We’d also like to reinforce that as Radical Librarians Collective sold out amazingly quickly, a waiting list is starting to build for tickets should anyone drop out. As a result, it’s really important to release your ticket as soon as you know you can’t make it so that someone else can take your place. With it being a relatively small gathering it’s important to ensure that we don’t have any tickets going to waste.

As always, if you have any queries, bung us an email (or post your comments below) and we’ll do our best to help!

Radical Librarian Pitches…

Don’t be afraid to pitch ideas for discussion! You never know what your ideas may lead to… (image c/o duncan on Flickr)

With a little under two months to go, most people are probably mulling over what they would like to discuss at the London Radical Librarian Collective gathering. If you are stuck for ideas and need a little inspiration, we’ve archived details of all the sessions that were run at the Bradford gathering in September last year (available here). If you have an idea for a session and you’d like to share it in advance, please feel free to add it to the pitches page on the wiki. You don’t need to sign up for an account or request membership of the wiki to add your session, the page is ‘unlocked’ and free for anyone to edit. And if you want to expand on it by writing a guest post for this blog, please do get in touch and let us know. We’re more than happy to host your thoughts and ideas related to either proposed sessions or radical ideas that are related to the motivations behind the Radical Librarian Collective.

So far, we have two pitches up on the wiki:

An apparent lack of Critical Theory in LIS?: Vocationalisation of a critically reflexive discipline, depoliticised neutrality and the fallacy of “employability”.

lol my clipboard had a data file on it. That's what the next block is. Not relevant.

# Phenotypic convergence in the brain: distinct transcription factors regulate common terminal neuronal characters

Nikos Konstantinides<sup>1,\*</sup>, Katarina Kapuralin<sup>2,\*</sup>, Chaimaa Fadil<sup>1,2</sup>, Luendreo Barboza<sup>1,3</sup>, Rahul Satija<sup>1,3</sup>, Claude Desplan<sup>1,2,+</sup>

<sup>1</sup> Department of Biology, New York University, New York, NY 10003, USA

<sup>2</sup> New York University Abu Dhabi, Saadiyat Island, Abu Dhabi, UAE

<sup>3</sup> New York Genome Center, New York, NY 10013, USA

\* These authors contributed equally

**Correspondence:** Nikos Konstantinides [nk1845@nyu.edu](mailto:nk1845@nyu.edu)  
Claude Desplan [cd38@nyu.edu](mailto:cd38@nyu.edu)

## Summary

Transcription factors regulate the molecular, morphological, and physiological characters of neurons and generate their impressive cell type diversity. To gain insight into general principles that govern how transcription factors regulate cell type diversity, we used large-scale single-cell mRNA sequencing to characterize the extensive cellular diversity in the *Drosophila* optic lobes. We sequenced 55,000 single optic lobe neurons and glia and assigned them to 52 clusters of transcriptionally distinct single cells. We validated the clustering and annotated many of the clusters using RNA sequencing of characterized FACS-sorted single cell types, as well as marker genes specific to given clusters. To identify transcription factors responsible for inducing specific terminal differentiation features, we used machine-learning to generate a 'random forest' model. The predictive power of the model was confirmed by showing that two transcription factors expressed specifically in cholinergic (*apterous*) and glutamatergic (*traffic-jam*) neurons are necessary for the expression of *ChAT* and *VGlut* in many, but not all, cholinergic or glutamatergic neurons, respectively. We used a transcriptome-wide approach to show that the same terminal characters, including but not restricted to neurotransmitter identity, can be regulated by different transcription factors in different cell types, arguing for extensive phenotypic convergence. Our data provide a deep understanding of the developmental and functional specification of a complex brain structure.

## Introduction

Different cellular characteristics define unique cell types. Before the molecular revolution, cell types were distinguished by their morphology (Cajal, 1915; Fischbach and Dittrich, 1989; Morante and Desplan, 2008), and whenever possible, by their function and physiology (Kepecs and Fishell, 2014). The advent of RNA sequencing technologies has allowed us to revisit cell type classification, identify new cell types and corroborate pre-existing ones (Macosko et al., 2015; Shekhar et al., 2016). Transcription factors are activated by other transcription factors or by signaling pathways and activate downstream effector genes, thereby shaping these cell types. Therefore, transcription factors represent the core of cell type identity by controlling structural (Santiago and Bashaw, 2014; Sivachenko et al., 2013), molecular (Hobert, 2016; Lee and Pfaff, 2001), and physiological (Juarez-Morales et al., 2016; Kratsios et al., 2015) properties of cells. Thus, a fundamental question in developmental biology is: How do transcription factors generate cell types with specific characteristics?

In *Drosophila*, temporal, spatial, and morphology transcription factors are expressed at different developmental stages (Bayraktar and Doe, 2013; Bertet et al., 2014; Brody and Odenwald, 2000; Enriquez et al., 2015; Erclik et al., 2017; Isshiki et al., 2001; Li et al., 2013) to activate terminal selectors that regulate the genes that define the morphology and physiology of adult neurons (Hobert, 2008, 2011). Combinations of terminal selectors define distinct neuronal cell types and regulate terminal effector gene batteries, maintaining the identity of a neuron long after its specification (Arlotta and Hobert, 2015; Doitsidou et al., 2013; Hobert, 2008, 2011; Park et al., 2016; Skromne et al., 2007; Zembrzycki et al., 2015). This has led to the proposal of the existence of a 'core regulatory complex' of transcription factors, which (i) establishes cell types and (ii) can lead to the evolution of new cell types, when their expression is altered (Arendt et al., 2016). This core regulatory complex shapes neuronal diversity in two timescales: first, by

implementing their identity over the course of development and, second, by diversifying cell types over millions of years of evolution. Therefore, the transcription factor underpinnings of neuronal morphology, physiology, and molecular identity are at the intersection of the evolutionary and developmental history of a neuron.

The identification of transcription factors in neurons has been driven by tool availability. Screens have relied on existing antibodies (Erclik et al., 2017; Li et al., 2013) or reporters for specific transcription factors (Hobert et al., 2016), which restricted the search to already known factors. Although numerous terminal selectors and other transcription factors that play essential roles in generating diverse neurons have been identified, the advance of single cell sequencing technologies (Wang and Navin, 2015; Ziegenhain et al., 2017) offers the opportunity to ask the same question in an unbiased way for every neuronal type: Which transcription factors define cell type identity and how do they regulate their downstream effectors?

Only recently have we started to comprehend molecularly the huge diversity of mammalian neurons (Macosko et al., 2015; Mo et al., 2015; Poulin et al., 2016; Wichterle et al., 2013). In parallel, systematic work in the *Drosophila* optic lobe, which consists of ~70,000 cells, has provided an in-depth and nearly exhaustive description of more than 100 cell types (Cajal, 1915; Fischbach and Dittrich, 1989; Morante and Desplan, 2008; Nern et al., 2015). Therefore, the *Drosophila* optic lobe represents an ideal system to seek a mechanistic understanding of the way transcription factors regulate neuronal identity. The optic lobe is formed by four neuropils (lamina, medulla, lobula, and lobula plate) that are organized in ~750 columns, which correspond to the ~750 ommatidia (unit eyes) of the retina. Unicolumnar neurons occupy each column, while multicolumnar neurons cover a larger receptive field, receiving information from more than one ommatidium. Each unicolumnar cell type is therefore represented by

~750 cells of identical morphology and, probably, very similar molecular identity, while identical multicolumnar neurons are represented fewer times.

(Kevin Sanders – @moananddrone)

Should employers be training employees and academic courses be encouraging those undertaking LIS studies to be producing and developing critically-founded knowledge?

Libraries have a steeped history in social politics and the neutrality that emanates from the contemporary sphere appears to continue a wider narrative of passivity from individuals that have lost agency in the political domain: Is the often assumed objective, neutral position of the profession is a flawed limitation, and is there a lack of critical foundation within the field of LIS? Has this contributed to a depoliticisation (or political apathy) across the field?

Without critically aware staff, how can the library and information professions be said to be informing, enhancing, assisting, teaching or training information skills to their patrons? Can we locate and provide relevant information and sources of information without critically evaluating at subjective and intra-subjective levels?

Disseminating radical ideas

(Dan Grace – @danpgrace)

What outlets are there for communicating radical ideas both in the day-to-day of our working environment and throughout the wider working communities we engage in? How can we work at multiple levels – personal, workplace, “professional” (urgh, sorry…) and scholarly communities – to effectively counter the prevailing capitalist/statist discourses? Should we prioritise any of these levels over others? What potential is there in existing institutions/relationships/structures, i.e. unions, journals/publishers etc., and to what extent do we need new forums and spaces? What form should these spaces take?

Radical Librarian Collective is all about providing a space to challenge neoliberal perspectives and to find ways in which we can facilitate dialogue in order to organise and bring about positive changes for a holistic, collective future. To that end, sessions at Radical Librarian Collective gatherings play an important role in facilitating this discussion and in finding ways to challenge the increasingly dominant neoliberal narrative. So if you have an idea for a session, or a particular topic you would like to discuss in relation to the values we share, then please feel free to add them to the wiki. The radical librarian conversation starts here!